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A high school sports editor and his fleeting fame years later..

It's amazing what happens with old classmates. The indictments of Penn State officials hit home.

Many people say your years in  high school are some of the best years of your life.

Friends, clubs, sporting events, dances -- then usual array of stuff.

I don't think of my high school days often.  There's just not a reason to.  Every so often when Brian Ross of ABC News airs a report, I'll recall my days as a freshman when he was a senior and editor of Shoreline, the school paper at Highland Park High School.

But that changed with the onslaught of coverage of the scandal at  Penn State.  It just took a while for it to sink in.

I am not sure exactly when it happened, but I recall having a beer, or maybe a Scotch, while watching the nightly news with yet more coverage of the Penn State scandal.

Again?  Yep, we love seeing heroes fall from grace.

We love conflict, we love the Penn State story.

And then it hit me.  No sooner did Brian Williams mention the name of Penn State's ousted president, Graham Spanier, did it hit me.

Son-of-a-GUN, I thought.  I went to school with him.  We were on the school paper together.  He was Sports Editor.  Yes, I know, there's comedy in that.

All of a sudden the Penn State story hit home.  It's probably not the kind of thing Highland Park High School will celebrate.  Hell, they just got over Steven Glass, and now this.  Set one less place at homecoming.

As I dug out my yearbook from 1966, I found Spanier's pictures -- the usual senior portrait, one for debate -- and one for Shoreline -- the high school paper.

And nestled around the photos was the "Senior Ballot" -- the place where such dubious honors were bestowed -- Prettiest eyes, biggest flirt, most school spirit, most talented -- and most likely to succeed.  Spanier did not win any.

So now, 46 years after graduating high school, Spanier has his recognition.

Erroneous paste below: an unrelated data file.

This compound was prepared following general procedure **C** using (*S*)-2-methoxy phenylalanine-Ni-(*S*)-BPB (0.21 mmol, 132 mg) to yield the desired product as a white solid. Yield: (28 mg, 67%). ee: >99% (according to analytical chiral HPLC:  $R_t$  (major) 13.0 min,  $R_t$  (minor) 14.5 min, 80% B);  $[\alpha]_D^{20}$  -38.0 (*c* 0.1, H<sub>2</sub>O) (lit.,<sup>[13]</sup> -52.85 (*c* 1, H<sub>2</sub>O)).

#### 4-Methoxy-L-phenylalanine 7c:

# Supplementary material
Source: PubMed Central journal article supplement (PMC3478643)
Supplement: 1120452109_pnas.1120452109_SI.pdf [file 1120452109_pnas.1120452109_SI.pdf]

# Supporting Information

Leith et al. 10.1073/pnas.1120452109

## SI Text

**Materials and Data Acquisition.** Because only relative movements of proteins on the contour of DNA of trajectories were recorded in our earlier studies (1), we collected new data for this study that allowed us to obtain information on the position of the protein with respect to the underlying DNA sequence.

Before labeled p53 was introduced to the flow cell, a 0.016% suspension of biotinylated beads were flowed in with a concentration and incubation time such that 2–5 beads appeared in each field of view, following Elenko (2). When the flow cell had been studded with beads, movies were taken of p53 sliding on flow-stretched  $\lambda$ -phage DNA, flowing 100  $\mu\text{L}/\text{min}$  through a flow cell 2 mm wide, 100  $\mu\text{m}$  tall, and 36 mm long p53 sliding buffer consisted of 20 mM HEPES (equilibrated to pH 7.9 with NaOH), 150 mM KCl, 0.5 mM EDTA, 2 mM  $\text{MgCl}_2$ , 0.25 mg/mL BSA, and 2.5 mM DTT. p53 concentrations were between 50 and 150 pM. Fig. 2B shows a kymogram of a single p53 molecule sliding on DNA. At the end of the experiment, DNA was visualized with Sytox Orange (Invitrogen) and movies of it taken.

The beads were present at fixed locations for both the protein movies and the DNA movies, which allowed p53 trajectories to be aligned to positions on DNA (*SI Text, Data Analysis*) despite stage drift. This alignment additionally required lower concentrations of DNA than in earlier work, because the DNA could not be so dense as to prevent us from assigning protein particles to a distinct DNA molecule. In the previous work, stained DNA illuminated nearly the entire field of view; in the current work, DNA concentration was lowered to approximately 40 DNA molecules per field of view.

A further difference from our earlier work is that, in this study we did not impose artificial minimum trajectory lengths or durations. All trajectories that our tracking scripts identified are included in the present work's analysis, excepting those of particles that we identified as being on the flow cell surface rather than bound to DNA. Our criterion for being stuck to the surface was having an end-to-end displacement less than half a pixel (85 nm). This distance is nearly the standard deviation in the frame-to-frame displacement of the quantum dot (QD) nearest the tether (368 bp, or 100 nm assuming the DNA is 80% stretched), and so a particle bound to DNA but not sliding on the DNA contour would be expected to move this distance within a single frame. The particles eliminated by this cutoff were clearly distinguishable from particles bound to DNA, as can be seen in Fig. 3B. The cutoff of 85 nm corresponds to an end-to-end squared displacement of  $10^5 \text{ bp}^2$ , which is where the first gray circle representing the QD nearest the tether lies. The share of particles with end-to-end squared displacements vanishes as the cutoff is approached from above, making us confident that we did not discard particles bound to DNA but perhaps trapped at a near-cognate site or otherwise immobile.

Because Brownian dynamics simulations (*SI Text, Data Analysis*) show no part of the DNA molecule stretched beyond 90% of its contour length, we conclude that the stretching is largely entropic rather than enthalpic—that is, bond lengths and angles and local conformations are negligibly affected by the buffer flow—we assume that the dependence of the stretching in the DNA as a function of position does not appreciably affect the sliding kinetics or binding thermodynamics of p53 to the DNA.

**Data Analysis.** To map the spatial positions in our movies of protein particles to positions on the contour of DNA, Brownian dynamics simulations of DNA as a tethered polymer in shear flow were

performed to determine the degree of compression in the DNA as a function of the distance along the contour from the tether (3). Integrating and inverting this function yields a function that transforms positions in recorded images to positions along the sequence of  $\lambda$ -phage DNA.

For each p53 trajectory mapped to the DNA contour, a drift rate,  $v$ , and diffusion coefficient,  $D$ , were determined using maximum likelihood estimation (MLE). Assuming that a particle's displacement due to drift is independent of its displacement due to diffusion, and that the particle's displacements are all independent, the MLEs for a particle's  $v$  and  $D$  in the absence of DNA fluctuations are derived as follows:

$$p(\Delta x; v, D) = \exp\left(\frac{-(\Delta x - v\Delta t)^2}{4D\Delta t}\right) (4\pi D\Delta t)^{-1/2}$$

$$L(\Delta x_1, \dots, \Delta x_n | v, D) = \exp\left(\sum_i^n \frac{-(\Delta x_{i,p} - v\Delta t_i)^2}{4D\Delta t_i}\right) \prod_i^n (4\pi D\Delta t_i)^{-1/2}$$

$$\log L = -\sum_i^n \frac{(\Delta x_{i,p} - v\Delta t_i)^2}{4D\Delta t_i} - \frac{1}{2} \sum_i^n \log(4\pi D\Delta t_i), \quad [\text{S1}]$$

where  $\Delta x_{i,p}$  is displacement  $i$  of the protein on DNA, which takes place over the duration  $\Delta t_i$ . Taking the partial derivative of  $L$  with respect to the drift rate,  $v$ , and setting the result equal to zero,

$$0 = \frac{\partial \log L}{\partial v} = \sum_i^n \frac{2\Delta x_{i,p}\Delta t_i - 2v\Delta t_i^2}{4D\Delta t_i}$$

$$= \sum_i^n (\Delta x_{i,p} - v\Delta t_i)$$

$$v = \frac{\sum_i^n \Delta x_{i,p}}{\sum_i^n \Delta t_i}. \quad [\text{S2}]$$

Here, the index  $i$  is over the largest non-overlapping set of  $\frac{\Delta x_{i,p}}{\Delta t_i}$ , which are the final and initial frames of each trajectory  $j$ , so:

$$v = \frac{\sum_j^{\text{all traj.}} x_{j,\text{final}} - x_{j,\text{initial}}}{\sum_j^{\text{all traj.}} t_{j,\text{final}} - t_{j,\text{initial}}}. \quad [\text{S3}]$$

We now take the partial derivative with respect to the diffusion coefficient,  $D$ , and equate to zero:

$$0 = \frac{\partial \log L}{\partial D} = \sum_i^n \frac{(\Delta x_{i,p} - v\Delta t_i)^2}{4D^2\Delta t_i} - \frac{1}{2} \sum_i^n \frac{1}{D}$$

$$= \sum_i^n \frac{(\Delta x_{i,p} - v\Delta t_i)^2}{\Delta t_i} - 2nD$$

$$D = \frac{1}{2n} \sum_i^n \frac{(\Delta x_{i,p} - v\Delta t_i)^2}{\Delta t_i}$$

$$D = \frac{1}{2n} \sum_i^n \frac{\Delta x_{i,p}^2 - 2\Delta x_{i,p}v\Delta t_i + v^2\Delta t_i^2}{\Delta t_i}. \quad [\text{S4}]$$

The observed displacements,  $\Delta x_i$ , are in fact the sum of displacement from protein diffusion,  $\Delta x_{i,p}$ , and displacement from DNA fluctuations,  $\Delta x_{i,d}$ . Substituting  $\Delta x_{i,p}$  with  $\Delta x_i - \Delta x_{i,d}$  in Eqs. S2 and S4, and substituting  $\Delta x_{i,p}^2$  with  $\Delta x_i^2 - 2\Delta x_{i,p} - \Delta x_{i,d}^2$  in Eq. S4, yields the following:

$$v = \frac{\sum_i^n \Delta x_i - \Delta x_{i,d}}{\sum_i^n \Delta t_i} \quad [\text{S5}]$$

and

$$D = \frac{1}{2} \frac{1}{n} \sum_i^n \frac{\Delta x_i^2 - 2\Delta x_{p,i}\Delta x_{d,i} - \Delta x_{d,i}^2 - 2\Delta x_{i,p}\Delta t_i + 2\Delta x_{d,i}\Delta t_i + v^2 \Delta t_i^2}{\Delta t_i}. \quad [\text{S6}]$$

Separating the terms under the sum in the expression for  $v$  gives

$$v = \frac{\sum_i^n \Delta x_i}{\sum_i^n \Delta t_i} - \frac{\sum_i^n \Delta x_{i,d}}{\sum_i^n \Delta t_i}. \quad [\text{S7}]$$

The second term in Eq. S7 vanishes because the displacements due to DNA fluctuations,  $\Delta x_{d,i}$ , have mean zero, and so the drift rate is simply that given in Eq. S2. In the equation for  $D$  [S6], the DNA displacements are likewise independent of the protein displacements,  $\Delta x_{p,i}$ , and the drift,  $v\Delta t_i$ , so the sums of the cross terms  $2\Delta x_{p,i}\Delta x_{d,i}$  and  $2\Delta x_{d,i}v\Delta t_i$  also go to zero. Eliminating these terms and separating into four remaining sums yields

Indictments for perjury, obstruction of justice, endangering the welfare of children and criminal conspiracy.

And now, 46 years later, I'm recalling my high school days. I don't recall Spanier much, except as being fairly quiet and low keyed, which for a sports editor is an unusual trait.  But what the story about his plummet from the perch of the academic throne in University Park, PA does tell me is you just never know about the kid sitting next to you in English, or the kids who spent all his or her time in the theater department.

High school kids like to idolize the popular kids.  As adults, we idolize those who make it big -- on the playing field, in the board room, or perhaps at a major university.

But what is making it big all about if it's done in a closet filled with skeletons.  Spanier has showed us that.

Think of it -- perjury, obstruction of justice, endangering the welfare of children and criminal conspiracy -- that will be Spanier's legacy, not the good he may have done for the academic community at  Penn State.

It's hard to think how someone can be president of a major - -or any -- university and do what Spanier is charged with doing.

Amazing, Just Amazing.

I guess there are two lessons to be learned.

One -- Success isn't always what you think it is.

Two -- Save your high school yearbooks.  You never know when they'll come in handy.

 

Stan Zoller blogs at  Zolleronbuffalogrove.blogspot.com and at http://www.chicagonow.com/suburban-scene

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